NIFA has supported the goals of both administrations and helped develop the innovations and knowledge needed to promote the American farming enterprise, and helped nurture the workforce that supports the same. The agency is on an excellent trajectory and will continue to promote the needed research, Extension, and education across our great nation and ensure its global preeminence.

My six year term ends May 5, 2018.

On July 1, 2018, I will embark on the next phase of my career as the President and Chief Executive Officer of the Northwest Commission on Colleges and Universities, where I’ll oversee 162 universities and colleges in the Pacific Northwest. I’ll be based out of Seattle.

I look forward to working with you through the next few weeks.

I want to thank you, my NIFA colleagues, for your support and for what you do in support of our nation’s food and agricultural enterprise, and wish you the best.

Sonny Ramaswamy

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CFDA Changes to CFDA 10.500!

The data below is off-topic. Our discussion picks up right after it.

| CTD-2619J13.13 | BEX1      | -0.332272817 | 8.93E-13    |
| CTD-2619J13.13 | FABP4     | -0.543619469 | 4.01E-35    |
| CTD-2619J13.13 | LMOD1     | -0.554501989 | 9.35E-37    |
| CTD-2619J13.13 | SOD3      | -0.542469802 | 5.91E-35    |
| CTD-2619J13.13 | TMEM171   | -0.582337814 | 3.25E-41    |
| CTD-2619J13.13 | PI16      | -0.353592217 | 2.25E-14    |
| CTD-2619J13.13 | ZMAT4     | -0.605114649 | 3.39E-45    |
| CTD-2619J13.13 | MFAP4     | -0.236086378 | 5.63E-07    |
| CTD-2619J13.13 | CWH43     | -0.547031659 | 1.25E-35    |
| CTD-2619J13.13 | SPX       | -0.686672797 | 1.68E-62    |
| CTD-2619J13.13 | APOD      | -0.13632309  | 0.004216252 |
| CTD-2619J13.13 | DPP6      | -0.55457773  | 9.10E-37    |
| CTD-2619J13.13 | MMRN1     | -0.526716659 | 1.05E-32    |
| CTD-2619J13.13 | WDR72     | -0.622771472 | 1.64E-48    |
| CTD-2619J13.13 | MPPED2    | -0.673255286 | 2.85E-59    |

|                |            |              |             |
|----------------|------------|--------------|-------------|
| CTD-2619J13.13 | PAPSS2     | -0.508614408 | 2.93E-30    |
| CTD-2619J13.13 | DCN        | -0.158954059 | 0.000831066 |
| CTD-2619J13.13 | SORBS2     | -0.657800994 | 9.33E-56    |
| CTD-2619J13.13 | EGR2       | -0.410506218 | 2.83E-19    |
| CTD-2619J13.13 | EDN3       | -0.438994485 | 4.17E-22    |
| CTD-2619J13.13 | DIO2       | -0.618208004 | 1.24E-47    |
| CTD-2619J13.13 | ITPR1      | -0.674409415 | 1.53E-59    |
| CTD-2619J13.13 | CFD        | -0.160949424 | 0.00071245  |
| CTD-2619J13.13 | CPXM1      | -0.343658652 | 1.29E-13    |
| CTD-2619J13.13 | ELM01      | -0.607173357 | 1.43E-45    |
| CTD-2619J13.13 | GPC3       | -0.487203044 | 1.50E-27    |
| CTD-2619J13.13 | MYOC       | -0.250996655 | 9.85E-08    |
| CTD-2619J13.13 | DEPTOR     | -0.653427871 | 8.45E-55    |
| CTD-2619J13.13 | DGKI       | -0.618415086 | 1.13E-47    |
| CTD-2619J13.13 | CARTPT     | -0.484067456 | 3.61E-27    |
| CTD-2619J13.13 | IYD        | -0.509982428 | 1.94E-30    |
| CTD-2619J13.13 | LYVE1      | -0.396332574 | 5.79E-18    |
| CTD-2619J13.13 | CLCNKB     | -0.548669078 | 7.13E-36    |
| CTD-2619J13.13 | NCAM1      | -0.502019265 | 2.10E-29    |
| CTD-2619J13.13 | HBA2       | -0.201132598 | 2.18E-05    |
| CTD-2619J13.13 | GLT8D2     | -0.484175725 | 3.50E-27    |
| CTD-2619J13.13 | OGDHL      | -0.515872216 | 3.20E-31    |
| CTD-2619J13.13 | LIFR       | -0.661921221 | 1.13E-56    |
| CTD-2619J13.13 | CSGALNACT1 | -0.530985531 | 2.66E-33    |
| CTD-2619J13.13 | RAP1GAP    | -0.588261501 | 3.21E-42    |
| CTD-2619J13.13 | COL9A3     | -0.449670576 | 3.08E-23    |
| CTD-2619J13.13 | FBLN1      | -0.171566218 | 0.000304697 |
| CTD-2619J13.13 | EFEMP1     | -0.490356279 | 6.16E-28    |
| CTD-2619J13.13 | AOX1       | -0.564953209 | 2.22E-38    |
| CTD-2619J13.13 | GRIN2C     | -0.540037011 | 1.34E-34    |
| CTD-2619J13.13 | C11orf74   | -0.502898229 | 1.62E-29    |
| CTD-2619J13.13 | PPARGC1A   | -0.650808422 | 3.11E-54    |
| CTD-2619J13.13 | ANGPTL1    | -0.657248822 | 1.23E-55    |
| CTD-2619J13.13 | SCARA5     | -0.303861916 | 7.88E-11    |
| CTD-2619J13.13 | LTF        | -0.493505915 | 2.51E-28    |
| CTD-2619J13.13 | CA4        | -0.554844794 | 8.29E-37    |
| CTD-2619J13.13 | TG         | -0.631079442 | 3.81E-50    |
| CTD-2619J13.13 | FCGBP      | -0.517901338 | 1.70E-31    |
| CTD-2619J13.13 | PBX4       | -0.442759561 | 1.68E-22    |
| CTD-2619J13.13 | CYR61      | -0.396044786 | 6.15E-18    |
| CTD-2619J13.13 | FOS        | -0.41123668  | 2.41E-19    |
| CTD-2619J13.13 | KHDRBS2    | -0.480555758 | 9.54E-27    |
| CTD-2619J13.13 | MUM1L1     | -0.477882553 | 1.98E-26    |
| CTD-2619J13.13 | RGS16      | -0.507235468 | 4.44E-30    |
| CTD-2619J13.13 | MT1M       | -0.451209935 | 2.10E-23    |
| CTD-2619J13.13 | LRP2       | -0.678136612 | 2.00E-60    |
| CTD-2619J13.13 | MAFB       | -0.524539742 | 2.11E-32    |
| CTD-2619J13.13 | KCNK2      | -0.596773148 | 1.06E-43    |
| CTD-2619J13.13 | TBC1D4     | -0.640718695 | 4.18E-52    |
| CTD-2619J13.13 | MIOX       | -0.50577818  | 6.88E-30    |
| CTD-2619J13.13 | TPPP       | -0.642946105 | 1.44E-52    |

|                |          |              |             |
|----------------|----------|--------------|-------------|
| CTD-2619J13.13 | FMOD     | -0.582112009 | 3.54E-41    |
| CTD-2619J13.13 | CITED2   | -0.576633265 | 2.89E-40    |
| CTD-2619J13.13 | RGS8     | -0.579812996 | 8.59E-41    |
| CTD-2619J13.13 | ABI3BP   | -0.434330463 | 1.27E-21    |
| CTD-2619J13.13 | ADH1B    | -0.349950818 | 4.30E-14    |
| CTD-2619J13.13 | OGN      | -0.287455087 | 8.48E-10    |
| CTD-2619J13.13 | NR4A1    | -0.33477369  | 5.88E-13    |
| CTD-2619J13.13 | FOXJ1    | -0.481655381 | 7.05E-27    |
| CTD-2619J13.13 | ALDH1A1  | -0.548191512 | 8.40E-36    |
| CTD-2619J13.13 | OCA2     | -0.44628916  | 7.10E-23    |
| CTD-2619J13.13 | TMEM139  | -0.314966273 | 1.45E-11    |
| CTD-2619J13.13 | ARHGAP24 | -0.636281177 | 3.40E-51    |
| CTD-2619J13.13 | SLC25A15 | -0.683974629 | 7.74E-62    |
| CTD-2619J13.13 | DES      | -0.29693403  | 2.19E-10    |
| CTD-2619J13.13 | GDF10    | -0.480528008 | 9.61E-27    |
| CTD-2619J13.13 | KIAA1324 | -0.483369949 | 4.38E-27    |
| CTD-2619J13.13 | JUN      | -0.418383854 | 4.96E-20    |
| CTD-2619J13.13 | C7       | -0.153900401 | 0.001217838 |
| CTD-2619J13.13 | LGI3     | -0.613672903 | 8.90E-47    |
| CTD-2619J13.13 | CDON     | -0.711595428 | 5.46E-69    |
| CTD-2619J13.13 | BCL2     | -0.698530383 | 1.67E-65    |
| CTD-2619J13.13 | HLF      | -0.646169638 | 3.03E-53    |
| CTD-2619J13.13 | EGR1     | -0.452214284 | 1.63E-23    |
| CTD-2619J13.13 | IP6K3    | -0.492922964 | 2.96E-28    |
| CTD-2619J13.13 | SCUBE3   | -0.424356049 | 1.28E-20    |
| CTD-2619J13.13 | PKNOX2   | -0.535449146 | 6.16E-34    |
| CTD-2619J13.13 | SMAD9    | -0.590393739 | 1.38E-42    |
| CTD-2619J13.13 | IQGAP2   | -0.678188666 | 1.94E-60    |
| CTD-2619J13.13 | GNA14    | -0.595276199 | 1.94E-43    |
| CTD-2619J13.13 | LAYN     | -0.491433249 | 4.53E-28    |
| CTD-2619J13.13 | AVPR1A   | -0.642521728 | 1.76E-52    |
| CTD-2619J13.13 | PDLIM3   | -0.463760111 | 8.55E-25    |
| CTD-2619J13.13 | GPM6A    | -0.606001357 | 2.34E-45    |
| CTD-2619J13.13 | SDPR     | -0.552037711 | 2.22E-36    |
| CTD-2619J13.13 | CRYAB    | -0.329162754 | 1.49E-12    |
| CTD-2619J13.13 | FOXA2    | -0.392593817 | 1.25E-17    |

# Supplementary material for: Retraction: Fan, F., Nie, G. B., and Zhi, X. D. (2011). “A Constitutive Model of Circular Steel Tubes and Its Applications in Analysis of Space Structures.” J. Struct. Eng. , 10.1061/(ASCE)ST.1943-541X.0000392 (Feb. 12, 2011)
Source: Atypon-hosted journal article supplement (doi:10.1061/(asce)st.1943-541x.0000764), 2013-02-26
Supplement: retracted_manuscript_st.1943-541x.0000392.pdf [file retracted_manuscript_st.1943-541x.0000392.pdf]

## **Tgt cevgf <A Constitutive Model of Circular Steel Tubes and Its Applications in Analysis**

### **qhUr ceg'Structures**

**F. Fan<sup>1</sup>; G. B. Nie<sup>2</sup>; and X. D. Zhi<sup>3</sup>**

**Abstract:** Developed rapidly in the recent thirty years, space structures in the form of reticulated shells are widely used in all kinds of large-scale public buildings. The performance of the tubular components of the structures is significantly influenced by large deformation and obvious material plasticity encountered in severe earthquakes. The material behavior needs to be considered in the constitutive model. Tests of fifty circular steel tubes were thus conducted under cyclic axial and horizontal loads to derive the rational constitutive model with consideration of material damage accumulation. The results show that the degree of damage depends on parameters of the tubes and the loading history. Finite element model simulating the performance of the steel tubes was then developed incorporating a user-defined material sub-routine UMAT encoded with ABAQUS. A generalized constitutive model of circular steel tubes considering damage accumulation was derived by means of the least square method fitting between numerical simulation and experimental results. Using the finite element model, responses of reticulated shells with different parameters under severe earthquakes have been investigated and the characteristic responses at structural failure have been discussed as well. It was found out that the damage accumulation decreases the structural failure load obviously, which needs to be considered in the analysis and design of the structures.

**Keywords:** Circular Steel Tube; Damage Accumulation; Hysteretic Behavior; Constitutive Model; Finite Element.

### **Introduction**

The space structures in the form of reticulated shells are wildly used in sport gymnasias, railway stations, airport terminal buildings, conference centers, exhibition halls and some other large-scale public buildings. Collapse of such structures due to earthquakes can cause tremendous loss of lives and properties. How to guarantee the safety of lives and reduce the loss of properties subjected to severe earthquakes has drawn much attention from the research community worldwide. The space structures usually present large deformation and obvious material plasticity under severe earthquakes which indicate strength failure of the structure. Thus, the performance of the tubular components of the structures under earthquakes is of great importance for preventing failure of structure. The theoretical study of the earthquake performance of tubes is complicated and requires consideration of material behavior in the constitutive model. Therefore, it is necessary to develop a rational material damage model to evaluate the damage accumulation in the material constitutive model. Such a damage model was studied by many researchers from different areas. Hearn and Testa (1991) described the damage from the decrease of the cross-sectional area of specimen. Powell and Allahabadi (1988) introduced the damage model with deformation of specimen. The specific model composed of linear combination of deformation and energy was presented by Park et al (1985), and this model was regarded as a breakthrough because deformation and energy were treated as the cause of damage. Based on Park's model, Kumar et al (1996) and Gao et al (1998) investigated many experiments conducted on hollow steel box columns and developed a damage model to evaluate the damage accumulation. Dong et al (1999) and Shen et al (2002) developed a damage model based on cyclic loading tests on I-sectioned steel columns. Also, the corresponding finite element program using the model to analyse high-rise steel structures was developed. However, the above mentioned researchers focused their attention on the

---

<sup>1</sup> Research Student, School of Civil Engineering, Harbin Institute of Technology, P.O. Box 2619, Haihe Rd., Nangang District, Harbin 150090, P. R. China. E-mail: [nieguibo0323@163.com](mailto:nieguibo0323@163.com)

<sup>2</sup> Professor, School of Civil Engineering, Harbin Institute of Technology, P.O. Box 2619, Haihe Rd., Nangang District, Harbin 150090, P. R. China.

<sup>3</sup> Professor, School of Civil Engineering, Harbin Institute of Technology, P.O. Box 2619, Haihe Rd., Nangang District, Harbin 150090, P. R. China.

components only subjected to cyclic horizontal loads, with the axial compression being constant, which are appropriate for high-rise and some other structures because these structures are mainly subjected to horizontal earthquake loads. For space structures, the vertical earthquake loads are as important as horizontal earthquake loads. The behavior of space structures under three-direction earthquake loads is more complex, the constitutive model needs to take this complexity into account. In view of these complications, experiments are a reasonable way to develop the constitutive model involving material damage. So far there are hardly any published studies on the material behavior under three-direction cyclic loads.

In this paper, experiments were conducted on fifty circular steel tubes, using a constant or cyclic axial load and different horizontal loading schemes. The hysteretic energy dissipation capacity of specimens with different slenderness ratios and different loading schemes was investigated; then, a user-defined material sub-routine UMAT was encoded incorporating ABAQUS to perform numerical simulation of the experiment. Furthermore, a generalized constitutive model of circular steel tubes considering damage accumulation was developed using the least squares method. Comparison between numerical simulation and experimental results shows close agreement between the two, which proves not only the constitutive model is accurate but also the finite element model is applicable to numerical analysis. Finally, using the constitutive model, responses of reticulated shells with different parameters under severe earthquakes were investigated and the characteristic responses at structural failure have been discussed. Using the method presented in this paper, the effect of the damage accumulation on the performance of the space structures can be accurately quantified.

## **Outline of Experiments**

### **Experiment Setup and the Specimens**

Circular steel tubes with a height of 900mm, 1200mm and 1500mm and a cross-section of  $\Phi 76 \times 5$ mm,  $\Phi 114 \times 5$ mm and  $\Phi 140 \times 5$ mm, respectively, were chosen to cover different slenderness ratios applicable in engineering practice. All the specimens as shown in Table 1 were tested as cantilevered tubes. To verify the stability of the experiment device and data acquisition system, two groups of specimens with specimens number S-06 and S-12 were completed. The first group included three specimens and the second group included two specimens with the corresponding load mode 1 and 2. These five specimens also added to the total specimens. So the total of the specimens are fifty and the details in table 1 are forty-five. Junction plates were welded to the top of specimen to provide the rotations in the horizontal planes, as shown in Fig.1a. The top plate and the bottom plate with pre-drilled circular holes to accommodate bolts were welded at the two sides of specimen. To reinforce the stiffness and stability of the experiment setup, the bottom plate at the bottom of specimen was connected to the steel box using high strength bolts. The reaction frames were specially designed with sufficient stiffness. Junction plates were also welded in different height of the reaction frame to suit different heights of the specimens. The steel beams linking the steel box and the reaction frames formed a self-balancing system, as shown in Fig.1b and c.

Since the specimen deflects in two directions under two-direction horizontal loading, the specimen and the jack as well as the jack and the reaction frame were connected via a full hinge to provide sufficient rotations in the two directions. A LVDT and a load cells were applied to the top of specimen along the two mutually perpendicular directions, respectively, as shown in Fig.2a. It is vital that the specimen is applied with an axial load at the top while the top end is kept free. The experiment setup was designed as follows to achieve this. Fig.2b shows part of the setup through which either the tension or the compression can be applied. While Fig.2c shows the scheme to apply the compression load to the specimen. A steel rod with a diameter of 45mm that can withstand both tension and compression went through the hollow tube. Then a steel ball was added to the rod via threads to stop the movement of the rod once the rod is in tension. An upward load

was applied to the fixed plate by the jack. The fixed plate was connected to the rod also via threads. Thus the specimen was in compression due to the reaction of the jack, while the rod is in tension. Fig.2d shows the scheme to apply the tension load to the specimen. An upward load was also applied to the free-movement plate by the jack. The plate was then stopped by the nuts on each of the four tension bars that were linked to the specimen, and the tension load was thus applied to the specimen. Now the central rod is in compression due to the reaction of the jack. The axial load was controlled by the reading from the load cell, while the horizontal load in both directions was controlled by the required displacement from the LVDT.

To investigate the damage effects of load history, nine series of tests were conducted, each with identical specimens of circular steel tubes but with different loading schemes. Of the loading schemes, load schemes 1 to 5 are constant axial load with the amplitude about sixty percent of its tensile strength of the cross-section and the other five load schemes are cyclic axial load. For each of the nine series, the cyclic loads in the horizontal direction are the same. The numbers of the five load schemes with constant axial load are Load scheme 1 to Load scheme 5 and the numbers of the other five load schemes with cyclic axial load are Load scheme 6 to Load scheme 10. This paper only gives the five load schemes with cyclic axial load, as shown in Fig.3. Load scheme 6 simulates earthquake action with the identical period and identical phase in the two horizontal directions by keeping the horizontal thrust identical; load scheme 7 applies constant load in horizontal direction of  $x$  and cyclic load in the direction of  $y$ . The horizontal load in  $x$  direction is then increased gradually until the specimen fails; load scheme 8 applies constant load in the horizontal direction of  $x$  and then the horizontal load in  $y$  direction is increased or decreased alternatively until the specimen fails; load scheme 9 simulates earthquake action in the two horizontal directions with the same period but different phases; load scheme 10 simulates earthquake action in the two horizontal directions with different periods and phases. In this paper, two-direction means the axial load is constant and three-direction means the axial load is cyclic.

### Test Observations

Effective Fiscal Year (FY) 2019, capacity and competitive extension programs will see a change in their Catalogue of Federal Domestic Assistance (CFDA) number. This change is being made to provide individual programs a unique CFDA. The change in CFDA numbers will be effective for awards made on or after Oct. 1, 2018.  Grants awarded prior to FY 2019 grants will retain CFDA Number 10.500 until the grants expire. A memorandum providing background for this change, as well as action steps needed to be taken by NIFA grantees prior to Oct. 1, 2018, can be found on the NIFA website. If you have any questions, please email:

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National Extension and Research Administrative Officers Conference